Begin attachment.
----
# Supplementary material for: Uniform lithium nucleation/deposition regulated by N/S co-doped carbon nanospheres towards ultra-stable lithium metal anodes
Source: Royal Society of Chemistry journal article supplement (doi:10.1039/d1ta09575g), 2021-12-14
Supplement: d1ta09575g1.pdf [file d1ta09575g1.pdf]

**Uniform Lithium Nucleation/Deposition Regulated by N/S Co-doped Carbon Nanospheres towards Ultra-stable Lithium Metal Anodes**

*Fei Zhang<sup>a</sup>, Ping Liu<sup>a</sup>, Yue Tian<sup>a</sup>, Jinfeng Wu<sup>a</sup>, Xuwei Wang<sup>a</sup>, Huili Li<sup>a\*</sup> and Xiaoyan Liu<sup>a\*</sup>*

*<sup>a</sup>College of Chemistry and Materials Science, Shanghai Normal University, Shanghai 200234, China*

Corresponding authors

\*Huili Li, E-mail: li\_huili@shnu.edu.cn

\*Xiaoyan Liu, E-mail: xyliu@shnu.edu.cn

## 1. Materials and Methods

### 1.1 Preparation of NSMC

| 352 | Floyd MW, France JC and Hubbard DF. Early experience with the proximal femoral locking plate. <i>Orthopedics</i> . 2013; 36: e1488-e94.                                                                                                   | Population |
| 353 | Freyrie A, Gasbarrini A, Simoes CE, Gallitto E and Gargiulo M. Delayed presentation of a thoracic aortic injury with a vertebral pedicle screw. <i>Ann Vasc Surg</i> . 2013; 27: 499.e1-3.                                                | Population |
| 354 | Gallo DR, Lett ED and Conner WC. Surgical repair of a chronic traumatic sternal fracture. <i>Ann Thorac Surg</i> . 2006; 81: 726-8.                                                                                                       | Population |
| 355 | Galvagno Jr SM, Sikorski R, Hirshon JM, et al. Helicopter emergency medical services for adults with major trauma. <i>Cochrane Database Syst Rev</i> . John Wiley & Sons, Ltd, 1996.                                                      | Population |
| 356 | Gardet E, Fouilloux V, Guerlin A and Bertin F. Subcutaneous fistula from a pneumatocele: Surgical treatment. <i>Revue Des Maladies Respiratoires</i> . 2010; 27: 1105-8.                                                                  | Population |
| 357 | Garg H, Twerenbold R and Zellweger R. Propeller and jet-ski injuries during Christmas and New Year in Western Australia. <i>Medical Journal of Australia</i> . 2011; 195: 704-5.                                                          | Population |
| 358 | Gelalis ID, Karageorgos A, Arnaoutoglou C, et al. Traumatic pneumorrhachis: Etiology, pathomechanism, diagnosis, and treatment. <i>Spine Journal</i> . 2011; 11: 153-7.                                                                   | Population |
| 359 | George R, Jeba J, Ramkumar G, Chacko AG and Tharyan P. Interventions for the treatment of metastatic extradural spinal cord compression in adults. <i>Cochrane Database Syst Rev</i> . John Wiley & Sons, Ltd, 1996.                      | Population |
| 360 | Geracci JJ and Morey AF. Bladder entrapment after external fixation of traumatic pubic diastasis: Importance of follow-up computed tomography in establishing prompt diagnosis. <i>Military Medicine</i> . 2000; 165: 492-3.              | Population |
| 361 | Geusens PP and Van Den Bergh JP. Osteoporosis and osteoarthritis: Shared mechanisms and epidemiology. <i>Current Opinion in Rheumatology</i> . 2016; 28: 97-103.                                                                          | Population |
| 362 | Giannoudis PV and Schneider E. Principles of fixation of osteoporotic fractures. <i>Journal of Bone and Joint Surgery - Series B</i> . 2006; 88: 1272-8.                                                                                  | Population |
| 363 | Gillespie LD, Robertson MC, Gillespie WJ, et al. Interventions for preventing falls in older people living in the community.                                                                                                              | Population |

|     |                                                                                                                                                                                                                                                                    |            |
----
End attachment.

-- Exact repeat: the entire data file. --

# Supplementary material for: Uniform lithium nucleation/deposition regulated by N/S co-doped carbon nanospheres towards ultra-stable lithium metal anodes
Source: Royal Society of Chemistry journal article supplement (doi:10.1039/d1ta09575g), 2021-12-14
Supplement: d1ta09575g1.pdf [file d1ta09575g1.pdf]

**Uniform Lithium Nucleation/Deposition Regulated by N/S Co-doped Carbon Nanospheres towards Ultra-stable Lithium Metal Anodes**

*Fei Zhang<sup>a</sup>, Ping Liu<sup>a</sup>, Yue Tian<sup>a</sup>, Jinfeng Wu<sup>a</sup>, Xuwei Wang<sup>a</sup>, Huili Li<sup>a\*</sup> and Xiaoyan Liu<sup>a\*</sup>*

*<sup>a</sup>College of Chemistry and Materials Science, Shanghai Normal University, Shanghai 200234, China*

Corresponding authors

\*Huili Li, E-mail: li\_huili@shnu.edu.cn

\*Xiaoyan Liu, E-mail: xyliu@shnu.edu.cn

## 1. Materials and Methods

### 1.1 Preparation of NSMC

| 352 | Floyd MW, France JC and Hubbard DF. Early experience with the proximal femoral locking plate. <i>Orthopedics</i> . 2013; 36: e1488-e94.                                                                                                   | Population |
| 353 | Freyrie A, Gasbarrini A, Simoes CE, Gallitto E and Gargiulo M. Delayed presentation of a thoracic aortic injury with a vertebral pedicle screw. <i>Ann Vasc Surg</i> . 2013; 27: 499.e1-3.                                                | Population |
| 354 | Gallo DR, Lett ED and Conner WC. Surgical repair of a chronic traumatic sternal fracture. <i>Ann Thorac Surg</i> . 2006; 81: 726-8.                                                                                                       | Population |
| 355 | Galvagno Jr SM, Sikorski R, Hirshon JM, et al. Helicopter emergency medical services for adults with major trauma. <i>Cochrane Database Syst Rev</i> . John Wiley & Sons, Ltd, 1996.                                                      | Population |
| 356 | Gardet E, Fouilloux V, Guerlin A and Bertin F. Subcutaneous fistula from a pneumatocele: Surgical treatment. <i>Revue Des Maladies Respiratoires</i> . 2010; 27: 1105-8.                                                                  | Population |
| 357 | Garg H, Twerenbold R and Zellweger R. Propeller and jet-ski injuries during Christmas and New Year in Western Australia. <i>Medical Journal of Australia</i> . 2011; 195: 704-5.                                                          | Population |
| 358 | Gelalis ID, Karageorgos A, Arnaoutoglou C, et al. Traumatic pneumorrhachis: Etiology, pathomechanism, diagnosis, and treatment. <i>Spine Journal</i> . 2011; 11: 153-7.                                                                   | Population |
| 359 | George R, Jeba J, Ramkumar G, Chacko AG and Tharyan P. Interventions for the treatment of metastatic extradural spinal cord compression in adults. <i>Cochrane Database Syst Rev</i> . John Wiley & Sons, Ltd, 1996.                      | Population |
| 360 | Geracci JJ and Morey AF. Bladder entrapment after external fixation of traumatic pubic diastasis: Importance of follow-up computed tomography in establishing prompt diagnosis. <i>Military Medicine</i> . 2000; 165: 492-3.              | Population |
| 361 | Geusens PP and Van Den Bergh JP. Osteoporosis and osteoarthritis: Shared mechanisms and epidemiology. <i>Current Opinion in Rheumatology</i> . 2016; 28: 97-103.                                                                          | Population |
| 362 | Giannoudis PV and Schneider E. Principles of fixation of osteoporotic fractures. <i>Journal of Bone and Joint Surgery - Series B</i> . 2006; 88: 1272-8.                                                                                  | Population |
| 363 | Gillespie LD, Robertson MC, Gillespie WJ, et al. Interventions for preventing falls in older people living in the community.                                                                                                              | Population |

|     |                                                                                                                                                                                                                                                                    |            |